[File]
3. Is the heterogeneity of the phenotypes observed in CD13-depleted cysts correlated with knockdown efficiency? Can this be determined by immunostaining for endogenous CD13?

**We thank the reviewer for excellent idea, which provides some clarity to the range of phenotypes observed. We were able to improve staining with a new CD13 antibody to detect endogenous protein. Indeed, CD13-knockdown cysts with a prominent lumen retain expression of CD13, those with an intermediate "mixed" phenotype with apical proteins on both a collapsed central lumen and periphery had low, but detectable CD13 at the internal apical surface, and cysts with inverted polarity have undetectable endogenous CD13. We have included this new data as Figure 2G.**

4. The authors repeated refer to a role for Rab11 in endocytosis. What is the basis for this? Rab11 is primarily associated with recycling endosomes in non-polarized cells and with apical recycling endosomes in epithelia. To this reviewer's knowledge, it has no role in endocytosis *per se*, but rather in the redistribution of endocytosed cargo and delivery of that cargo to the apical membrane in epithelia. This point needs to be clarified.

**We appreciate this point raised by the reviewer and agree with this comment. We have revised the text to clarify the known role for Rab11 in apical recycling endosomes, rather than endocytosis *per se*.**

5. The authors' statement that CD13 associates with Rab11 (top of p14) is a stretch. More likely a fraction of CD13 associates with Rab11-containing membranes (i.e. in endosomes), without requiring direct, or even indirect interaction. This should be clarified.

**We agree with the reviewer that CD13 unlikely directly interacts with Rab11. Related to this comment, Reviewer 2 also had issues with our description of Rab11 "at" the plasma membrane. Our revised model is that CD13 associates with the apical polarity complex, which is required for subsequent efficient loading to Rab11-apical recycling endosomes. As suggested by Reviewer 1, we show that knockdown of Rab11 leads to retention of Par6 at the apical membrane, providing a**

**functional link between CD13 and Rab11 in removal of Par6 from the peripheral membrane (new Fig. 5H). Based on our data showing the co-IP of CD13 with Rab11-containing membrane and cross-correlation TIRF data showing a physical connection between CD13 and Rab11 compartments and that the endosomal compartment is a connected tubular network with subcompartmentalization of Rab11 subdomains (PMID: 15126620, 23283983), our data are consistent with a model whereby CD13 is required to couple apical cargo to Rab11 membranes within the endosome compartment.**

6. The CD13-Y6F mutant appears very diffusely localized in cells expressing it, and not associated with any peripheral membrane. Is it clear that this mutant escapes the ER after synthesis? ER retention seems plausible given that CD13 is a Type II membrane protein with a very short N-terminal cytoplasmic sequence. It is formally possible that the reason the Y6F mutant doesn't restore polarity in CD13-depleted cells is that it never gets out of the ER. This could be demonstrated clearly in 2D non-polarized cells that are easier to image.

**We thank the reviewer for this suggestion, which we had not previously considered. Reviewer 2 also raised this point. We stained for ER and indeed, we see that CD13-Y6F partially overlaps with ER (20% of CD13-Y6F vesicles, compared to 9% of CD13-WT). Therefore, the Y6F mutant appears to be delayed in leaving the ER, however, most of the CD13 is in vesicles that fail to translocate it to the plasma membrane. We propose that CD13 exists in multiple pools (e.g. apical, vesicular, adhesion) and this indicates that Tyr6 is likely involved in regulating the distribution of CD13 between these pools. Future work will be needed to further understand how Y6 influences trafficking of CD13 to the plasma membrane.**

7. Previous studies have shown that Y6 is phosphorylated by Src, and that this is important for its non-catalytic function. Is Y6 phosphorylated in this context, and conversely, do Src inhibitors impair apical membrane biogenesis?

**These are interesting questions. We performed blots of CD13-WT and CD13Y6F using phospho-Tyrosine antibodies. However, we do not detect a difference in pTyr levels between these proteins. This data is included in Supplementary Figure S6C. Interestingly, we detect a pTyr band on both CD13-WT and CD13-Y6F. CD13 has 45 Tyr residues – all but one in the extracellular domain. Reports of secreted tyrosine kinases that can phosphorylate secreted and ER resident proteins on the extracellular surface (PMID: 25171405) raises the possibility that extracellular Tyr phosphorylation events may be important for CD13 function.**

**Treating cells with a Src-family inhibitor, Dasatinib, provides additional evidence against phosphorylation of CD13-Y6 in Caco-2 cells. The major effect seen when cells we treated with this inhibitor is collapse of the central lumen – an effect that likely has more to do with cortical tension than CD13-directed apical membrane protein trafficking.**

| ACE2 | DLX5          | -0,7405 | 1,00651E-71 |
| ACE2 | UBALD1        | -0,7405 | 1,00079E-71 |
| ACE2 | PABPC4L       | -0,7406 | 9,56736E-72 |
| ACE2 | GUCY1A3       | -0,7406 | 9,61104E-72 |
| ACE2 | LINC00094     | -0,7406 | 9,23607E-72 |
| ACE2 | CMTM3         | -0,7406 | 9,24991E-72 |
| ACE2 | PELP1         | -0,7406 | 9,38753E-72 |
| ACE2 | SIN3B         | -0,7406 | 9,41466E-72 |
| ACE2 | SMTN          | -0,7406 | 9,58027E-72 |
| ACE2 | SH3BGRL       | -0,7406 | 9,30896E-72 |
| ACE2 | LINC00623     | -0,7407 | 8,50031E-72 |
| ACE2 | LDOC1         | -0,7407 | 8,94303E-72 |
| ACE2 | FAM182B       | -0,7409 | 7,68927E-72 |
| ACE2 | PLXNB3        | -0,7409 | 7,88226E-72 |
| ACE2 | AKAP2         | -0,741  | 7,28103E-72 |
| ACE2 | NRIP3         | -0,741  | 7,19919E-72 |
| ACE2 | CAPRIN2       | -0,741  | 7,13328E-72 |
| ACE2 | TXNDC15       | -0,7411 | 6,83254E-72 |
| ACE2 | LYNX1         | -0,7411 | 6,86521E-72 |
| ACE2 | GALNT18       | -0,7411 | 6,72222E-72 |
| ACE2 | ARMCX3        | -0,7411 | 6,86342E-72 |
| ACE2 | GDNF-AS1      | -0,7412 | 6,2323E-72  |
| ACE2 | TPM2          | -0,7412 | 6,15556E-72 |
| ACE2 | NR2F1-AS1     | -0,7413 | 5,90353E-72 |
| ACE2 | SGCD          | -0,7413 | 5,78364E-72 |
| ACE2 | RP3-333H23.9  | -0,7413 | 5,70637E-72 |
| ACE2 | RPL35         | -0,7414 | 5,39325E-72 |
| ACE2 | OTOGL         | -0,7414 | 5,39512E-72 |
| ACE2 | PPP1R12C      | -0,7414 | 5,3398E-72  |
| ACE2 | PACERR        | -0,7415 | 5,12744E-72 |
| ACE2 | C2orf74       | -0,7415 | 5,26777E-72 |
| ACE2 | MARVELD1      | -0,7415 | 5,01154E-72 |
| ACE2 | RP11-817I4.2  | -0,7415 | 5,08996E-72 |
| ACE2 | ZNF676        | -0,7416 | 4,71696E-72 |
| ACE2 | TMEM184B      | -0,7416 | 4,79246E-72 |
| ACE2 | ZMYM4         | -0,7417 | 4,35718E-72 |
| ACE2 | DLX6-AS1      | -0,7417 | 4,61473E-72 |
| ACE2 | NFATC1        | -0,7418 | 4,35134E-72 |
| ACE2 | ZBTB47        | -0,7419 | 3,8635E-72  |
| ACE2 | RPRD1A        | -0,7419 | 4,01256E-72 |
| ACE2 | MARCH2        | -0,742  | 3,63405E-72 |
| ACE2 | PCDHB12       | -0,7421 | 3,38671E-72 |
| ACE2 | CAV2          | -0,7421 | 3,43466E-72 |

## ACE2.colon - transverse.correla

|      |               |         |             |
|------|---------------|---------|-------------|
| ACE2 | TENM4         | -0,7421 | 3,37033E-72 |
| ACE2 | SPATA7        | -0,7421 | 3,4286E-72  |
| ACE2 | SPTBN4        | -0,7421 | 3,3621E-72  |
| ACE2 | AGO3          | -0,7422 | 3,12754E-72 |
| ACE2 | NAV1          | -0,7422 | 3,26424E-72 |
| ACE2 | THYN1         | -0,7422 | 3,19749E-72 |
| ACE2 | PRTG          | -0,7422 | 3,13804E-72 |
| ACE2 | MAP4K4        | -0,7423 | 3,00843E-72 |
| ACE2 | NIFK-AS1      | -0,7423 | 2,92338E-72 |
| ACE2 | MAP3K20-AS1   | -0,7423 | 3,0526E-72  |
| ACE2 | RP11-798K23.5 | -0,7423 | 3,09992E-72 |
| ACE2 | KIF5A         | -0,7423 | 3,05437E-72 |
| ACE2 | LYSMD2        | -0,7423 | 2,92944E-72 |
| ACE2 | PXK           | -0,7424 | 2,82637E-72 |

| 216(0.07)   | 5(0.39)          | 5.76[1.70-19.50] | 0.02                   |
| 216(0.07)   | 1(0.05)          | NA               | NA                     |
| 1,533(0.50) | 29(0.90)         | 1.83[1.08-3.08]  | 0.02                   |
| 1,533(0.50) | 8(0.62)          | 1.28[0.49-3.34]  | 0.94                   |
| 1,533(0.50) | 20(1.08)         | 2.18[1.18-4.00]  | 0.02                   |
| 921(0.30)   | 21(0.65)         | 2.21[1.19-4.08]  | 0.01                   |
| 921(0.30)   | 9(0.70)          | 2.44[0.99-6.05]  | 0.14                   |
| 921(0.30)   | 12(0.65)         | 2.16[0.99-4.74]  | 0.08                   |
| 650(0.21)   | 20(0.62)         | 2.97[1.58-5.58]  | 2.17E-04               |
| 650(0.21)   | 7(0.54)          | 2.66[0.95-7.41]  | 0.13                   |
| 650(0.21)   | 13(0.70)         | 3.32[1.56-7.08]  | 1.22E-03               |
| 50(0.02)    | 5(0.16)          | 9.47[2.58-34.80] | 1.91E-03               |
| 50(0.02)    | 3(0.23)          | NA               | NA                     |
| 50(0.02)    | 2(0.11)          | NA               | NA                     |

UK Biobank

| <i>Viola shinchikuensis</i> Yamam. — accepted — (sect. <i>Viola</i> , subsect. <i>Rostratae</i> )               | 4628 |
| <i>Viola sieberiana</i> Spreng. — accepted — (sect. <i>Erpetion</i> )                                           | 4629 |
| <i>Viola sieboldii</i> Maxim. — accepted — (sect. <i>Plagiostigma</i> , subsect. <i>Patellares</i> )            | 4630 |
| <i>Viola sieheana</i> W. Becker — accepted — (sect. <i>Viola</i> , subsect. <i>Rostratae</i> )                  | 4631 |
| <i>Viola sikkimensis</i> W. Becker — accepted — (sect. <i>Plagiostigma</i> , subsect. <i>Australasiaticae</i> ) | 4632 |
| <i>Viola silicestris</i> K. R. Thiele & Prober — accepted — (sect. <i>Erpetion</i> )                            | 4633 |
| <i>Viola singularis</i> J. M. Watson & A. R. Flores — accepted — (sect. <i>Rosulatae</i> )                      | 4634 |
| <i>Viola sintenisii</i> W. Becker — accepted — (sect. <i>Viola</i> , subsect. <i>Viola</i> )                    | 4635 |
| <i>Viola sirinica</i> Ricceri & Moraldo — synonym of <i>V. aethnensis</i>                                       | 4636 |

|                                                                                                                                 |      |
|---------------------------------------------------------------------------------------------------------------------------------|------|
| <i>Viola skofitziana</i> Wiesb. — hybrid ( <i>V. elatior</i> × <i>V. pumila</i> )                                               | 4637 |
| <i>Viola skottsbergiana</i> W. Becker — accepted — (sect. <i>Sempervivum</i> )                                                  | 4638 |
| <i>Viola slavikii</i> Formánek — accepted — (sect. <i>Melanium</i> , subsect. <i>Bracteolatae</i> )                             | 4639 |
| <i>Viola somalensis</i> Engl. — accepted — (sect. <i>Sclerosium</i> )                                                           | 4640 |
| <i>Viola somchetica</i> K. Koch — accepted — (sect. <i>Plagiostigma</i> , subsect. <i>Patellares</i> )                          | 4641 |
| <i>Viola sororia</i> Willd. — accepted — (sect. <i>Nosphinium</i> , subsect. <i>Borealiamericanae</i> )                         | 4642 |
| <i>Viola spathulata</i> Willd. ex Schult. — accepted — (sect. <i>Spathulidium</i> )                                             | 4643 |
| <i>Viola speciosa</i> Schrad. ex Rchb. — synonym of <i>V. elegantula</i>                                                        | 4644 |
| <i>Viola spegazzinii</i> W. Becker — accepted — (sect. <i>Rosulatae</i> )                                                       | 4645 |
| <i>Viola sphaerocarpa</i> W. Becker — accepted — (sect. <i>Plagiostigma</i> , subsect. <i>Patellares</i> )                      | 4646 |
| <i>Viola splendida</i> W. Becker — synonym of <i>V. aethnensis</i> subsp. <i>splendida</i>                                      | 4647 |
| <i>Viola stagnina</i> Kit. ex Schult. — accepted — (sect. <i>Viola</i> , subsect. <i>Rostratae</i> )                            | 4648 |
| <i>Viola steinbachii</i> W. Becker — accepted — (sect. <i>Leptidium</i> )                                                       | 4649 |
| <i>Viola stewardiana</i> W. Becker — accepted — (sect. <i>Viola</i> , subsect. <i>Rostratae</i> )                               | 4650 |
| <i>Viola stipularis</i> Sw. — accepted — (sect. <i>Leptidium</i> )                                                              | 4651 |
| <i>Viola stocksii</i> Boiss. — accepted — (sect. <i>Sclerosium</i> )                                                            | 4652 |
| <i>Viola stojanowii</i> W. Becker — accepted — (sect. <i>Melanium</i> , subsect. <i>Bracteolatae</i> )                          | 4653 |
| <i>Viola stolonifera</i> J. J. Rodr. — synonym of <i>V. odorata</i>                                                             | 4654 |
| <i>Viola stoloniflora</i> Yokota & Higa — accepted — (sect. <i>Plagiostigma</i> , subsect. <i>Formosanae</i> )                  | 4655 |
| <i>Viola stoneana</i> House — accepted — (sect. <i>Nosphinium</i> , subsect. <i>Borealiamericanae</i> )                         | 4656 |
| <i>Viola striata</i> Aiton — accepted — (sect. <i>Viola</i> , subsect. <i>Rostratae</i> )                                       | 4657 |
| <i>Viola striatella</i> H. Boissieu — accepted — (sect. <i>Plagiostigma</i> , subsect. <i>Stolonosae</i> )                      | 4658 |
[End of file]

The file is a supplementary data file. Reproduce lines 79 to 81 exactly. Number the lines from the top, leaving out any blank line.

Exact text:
| 921(0.30)   | 9(0.70)          | 2.44[0.99-6.05]  | 0.14                   |
| 921(0.30)   | 12(0.65)         | 2.16[0.99-4.74]  | 0.08                   |
| 650(0.21)   | 20(0.62)         | 2.97[1.58-5.58]  | 2.17E-04               |